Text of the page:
Speaking of Unalaq, two very nice extensions from Book 1 are already playing out in Book 2 and are worth thinking about, especially given that Unalaq's Northern Water Tribe forces arrived to bring spirituality to the heathens of the South at the end of "Southern Lights." On just a surface level, I like that Korra has again found herself caught in a struggle between two brothers. Whereas in Book 1 no one was aware of the cross purposes that Tarrlok and Amon/Noatak were working at until the end of that narrative, here, the struggles between Unalaq and Tonraq were made apparent from the get-go, from Unalaq being chief of the Northern Water Tribe when it should have been Tonraq to the spiritual conflict between the two men. The family aspect ups the personal stakes considerably, and that should hopefully create some meaty dramatic tension.
The other extension is that Book 2 will continue to complicate our ideas of this world, and our assumptions about it based on Avatar: The Last Airbender. Korra Book 1 played with our perceptions about the power dynamics between benders and non-benders, both literally and politically. Book 2 seems to be priming itself to expand our sense of the Spiritual World, and how it relates to the Physical World. We know from A:TLA that the Spiritual World is both a realm of danger—hello there, Koh the Face Stealer!—and a realm of enlightenment, and that nothing happens in the Spiritual World without it having an impact on the Physical World, and vice versa.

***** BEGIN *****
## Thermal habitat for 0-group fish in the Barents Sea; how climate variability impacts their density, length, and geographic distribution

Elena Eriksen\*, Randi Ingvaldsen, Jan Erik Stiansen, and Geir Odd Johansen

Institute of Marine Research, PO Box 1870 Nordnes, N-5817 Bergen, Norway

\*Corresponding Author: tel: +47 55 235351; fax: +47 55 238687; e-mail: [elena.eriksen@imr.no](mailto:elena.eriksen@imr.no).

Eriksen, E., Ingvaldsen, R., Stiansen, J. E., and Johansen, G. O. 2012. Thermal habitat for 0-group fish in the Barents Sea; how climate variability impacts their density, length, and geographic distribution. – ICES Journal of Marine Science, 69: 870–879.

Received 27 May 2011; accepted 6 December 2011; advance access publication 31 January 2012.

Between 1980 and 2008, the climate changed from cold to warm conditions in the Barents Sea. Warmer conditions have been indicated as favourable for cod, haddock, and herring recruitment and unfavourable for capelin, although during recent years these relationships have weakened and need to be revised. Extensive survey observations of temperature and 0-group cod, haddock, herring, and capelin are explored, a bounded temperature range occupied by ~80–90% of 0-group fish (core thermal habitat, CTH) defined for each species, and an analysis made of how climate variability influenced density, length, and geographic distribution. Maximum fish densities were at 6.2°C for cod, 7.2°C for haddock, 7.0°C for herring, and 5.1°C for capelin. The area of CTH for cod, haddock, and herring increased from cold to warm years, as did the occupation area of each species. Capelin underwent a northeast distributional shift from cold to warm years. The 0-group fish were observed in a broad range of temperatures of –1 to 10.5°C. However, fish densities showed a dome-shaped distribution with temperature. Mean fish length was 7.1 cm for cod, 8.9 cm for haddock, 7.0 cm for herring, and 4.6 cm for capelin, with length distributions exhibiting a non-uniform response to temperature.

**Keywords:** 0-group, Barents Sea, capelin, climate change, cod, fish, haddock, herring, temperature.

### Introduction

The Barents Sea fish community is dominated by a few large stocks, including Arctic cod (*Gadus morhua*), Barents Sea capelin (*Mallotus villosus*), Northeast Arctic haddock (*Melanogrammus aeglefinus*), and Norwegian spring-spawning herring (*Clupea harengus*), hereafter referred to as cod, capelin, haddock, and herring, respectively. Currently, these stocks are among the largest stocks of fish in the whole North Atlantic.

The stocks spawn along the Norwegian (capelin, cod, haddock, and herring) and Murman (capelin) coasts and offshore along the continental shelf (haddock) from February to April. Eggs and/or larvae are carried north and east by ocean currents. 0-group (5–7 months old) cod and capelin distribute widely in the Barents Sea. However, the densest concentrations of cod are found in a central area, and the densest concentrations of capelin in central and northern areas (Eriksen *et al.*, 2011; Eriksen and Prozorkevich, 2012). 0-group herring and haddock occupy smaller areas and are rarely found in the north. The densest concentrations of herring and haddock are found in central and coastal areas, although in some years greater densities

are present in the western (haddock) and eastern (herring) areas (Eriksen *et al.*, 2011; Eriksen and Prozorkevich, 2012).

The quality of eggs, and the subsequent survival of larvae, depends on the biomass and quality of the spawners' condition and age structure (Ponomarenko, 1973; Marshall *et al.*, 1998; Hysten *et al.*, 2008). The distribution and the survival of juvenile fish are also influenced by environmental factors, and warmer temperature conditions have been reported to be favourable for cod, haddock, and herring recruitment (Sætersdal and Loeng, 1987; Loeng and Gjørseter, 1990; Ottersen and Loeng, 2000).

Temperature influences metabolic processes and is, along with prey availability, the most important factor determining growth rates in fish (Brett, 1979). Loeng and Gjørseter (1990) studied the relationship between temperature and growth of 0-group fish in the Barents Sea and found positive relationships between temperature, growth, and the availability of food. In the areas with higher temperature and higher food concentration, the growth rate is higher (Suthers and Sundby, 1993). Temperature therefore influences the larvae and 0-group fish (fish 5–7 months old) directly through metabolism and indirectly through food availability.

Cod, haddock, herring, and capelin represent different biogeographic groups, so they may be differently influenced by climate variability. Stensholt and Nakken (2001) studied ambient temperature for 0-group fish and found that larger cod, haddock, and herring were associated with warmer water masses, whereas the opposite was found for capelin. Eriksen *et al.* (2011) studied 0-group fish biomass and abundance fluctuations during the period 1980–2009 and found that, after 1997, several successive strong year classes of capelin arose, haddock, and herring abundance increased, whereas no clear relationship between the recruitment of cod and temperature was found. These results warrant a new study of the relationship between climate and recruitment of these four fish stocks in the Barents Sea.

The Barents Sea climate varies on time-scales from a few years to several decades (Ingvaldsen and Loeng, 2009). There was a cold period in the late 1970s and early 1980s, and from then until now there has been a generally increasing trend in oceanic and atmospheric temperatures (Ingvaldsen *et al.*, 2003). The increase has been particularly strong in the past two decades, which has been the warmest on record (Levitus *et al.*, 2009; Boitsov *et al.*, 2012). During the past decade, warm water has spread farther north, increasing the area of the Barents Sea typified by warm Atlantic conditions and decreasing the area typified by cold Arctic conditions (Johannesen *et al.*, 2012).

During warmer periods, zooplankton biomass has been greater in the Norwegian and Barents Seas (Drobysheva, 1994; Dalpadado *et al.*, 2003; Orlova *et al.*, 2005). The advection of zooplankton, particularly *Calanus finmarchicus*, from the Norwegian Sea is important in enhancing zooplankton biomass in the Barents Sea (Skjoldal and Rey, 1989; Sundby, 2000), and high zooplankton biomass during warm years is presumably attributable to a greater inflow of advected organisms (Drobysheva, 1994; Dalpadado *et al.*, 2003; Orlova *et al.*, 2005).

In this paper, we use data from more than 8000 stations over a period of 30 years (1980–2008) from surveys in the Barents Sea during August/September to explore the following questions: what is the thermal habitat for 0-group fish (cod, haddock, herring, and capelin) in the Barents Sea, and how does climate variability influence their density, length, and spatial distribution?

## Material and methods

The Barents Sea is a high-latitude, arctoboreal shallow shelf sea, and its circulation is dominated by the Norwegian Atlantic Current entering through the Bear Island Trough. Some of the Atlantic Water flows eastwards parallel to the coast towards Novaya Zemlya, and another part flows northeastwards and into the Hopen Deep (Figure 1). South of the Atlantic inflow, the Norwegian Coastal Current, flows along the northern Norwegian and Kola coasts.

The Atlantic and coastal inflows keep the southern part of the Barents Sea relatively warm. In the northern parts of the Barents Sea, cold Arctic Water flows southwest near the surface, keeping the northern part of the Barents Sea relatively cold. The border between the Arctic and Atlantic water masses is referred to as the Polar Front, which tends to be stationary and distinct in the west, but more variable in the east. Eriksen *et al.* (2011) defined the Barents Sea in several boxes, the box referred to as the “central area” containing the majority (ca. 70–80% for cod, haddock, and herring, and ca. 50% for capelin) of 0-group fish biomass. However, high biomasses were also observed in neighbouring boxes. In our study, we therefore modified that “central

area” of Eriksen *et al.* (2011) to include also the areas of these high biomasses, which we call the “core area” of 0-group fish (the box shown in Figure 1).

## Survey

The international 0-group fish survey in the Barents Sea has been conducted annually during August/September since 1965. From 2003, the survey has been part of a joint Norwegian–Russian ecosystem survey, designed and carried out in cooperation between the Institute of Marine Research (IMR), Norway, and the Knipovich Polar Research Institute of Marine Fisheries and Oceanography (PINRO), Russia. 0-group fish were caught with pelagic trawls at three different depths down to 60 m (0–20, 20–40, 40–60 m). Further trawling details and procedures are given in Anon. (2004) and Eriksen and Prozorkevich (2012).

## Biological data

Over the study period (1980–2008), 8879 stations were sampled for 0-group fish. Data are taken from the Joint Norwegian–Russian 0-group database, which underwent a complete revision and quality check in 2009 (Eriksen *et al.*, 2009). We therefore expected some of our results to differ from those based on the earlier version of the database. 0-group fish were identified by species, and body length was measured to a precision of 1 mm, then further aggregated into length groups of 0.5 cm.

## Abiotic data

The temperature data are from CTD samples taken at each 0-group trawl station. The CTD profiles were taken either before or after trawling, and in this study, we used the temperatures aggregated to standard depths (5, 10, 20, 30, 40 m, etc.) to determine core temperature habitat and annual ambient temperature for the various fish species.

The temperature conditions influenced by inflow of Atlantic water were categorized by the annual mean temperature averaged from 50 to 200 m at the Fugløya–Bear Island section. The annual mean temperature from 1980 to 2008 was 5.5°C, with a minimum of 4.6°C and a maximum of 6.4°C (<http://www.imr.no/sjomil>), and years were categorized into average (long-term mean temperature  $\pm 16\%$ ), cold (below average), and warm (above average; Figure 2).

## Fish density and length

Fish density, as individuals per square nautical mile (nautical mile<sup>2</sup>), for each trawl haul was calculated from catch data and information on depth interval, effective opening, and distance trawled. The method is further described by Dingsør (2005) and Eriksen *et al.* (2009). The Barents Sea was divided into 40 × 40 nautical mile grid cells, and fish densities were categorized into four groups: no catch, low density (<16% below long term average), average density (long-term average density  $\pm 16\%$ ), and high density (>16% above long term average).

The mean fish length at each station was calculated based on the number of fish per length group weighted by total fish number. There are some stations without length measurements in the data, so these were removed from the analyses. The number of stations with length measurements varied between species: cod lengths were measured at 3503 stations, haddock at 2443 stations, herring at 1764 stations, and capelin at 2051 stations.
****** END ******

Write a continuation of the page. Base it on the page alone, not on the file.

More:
Already, we're getting a different sense of how spirits manifest in the Physical World than we did in A:TLA. The spirits here move differently and with more of a purpose, and they aren't taking on the forms of related spiritual creatures, but they're still able to cause both property damage and mischief in the Physical World. They're a different sort of manifestation than what Aang and Team Avatar I dealt with.
But the most intriguing element of this is the tension between spiritualism and secularism. While Aang's absence allowed the Fire Nation to wage a century-long war, it also threw the balance between the two worlds out of whack. His return, and subsequent profile as a world leader, probably helped to rejuvenate an interest in the Spiritual World. However, in the same way that Book 1 used the Equalists and technology to call into question the value of the Avatar and its place in the world, rapid modernization and secularism have raised questions about the value of the Spiritual World to the Physical World's residents.